A common scenario:
You get to the Zona T (Tourst Zone) — the area between calles 79 and 85, and carreras 11 and 15 — and there’s so much to choose from. What, exactly, should you do?
Well we here at FAR International are here to help.
Below are tips for dining and nightlife in the Zona T.
What are you in the mood for?
We’ve heard people complain that there is no great sushi in Colombia. Nonsense! Just go to Arigato (Calle 80 #11-28).
Chef and owner Kenji Tokai flies in fresh fish weekly, and his creativity is worth the experience as well. The kenshin maki (salmon on top, eel on the inside) and the kaisen maki (octopus and seaweed salad inside) are two of the best.
And if you don’t like sushi, it’s ok. There are authentic Japanese hot dishes as well.
The eel is great, but if that seems too exotic, go with the chasyu ramen (traditional noodle soup with chicken or pork) or the katsu karei (breaded and fried chicken or pork with a curry sauce and rice on the side). You’ll like it.
Now let’s say you want something that really reminds you of home, a place to just have a few beers a bunch of bar food. There is a Hooters (Calle 85 #11-44) in the Zona T. It’s just like the states — same food, same uniforms — only the waitresses are prettier.
If you’re feeling like pizza instead of burgers and wings, there a great place to go for a nice pice. It’s called Julia (Calle 85 #12-81).
The crust, perhaps the toughest part of the pizza to perfect, is as good as it gets here. So is the sauce and the variety of options. We recommend the prosciutto and arugula pizza.
Just be prepared for a wait on the weekend…it’s quite a popular place.
For a great dessert, we’re sticking with Italian, Sicilian to be specific. Raffaele, when he’s there, which is often, will greet you with a smile as you enter his ice cream parlor, La Cremería, which has the best gelato in the city. The gelato cakes and other desserts are amazing as well.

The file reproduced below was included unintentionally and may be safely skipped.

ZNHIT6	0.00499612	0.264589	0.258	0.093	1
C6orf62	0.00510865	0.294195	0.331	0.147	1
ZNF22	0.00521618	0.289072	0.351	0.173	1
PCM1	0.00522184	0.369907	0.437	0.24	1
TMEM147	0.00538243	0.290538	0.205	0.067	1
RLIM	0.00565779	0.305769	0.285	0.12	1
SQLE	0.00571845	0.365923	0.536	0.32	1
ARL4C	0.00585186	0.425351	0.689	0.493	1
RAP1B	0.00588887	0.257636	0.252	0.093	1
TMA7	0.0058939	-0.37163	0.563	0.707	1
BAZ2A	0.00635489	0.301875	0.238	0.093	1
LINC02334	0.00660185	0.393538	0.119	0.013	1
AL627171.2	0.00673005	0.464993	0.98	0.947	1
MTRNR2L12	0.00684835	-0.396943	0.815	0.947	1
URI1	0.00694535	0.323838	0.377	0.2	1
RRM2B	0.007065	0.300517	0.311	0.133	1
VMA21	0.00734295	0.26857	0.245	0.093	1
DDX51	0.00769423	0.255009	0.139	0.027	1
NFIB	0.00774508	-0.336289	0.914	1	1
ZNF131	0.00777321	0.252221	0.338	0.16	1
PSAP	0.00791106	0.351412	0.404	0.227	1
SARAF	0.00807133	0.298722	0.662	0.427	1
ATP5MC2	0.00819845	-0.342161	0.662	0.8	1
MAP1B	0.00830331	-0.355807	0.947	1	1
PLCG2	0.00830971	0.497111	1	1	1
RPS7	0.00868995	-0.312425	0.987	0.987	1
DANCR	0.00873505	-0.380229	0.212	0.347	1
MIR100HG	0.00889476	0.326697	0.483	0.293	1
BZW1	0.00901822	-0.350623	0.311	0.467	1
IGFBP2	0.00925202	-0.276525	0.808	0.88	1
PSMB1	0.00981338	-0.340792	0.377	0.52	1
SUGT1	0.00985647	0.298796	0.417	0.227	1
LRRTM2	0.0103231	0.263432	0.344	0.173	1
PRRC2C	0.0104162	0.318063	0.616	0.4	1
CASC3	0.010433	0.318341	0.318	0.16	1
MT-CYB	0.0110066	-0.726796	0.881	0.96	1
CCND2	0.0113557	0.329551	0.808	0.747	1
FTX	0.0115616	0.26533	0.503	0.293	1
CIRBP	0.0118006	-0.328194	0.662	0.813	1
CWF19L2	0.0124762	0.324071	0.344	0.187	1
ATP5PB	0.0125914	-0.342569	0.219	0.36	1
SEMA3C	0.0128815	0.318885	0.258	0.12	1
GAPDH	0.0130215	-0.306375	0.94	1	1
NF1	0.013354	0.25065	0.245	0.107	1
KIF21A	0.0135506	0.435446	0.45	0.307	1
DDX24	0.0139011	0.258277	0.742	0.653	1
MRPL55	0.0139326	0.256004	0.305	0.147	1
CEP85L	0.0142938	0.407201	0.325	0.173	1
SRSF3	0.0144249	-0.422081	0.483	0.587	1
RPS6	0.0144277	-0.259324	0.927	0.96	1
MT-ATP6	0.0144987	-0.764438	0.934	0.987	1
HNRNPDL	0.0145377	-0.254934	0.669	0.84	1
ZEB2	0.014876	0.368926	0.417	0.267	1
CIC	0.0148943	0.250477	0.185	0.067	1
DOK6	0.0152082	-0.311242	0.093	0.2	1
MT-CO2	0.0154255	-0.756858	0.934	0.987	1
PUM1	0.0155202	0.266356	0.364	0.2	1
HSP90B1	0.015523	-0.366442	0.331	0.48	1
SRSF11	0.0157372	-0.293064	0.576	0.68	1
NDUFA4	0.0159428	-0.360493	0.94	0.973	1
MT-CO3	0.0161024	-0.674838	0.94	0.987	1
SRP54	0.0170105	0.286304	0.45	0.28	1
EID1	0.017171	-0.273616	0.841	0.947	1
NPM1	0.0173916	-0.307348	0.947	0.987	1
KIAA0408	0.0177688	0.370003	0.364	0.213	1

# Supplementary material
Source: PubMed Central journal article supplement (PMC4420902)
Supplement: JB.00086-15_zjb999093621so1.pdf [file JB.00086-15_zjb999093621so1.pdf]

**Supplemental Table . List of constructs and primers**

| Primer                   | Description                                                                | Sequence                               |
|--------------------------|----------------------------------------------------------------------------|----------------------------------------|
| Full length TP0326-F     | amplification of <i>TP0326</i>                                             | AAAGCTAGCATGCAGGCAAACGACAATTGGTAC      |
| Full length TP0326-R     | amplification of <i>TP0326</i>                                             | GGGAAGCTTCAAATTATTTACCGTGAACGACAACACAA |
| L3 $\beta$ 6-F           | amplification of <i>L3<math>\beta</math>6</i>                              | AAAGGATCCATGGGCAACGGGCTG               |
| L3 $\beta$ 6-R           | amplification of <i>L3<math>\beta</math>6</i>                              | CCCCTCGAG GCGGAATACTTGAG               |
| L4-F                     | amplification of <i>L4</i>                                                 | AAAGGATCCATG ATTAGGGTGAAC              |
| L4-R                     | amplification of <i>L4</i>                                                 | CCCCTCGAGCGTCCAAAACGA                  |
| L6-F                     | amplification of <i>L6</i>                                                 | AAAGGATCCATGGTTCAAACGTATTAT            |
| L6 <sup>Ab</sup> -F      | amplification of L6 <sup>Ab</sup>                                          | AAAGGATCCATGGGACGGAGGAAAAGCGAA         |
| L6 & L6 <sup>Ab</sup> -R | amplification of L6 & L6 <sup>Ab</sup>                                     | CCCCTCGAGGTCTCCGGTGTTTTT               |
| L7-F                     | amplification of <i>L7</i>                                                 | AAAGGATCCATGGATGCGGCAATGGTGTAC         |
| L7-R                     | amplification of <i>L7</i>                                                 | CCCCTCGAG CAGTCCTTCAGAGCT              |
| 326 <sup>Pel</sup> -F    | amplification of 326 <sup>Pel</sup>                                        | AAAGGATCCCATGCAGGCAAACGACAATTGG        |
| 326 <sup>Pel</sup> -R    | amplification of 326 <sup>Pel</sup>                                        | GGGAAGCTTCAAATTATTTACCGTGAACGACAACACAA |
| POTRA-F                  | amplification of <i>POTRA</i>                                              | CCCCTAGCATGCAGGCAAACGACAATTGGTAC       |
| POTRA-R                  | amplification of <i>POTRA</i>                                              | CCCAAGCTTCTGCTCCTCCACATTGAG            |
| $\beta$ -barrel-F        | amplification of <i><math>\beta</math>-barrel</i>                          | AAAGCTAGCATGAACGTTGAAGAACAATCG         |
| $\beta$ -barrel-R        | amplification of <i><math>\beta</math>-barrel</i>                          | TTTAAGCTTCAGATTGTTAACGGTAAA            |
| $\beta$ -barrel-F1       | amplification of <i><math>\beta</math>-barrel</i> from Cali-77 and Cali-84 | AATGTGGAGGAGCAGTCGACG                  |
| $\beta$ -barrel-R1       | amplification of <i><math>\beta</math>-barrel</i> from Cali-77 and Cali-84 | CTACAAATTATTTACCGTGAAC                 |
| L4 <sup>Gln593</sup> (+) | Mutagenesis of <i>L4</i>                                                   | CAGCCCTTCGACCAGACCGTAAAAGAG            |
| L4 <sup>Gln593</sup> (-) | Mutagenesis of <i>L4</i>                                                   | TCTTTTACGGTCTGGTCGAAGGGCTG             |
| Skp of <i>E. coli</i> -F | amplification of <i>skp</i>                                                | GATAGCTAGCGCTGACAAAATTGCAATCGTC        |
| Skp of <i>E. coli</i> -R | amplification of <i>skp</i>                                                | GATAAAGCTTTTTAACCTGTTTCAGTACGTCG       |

The most obvious is La Villa (Carrera 14A #83-56). Go for Gringo Tuesdays, on, yes, Tuesdays, when there is a language exchange and then a party after. Foreigners get in free.
La Villa is also a good time Thursday through Saturday as well. The music here ranges from rock to electronic, providing a good time for all.
Another place with a great mix of music, although mostly rock, is Armando Records (Calle 85 #14-46). If you get there after midnight, you might have to wait a while to get in.
But maybe you want something more local, some pure salsa. Then you can go to Cachao (Carrera 13 #82-52). It’s one of the most popular salsa bars in Bogotá.
Finally, for something more laid back, you can go to Johnny Cay (Carrera 13 #82-17), where reggae is dominant tune.
Just remember, these are only suggestions. There is a lot to choose from in this area. The main thing is, you come to Bogotá and take a peek at what is available. You might like it so much, you’ll never want to leave.
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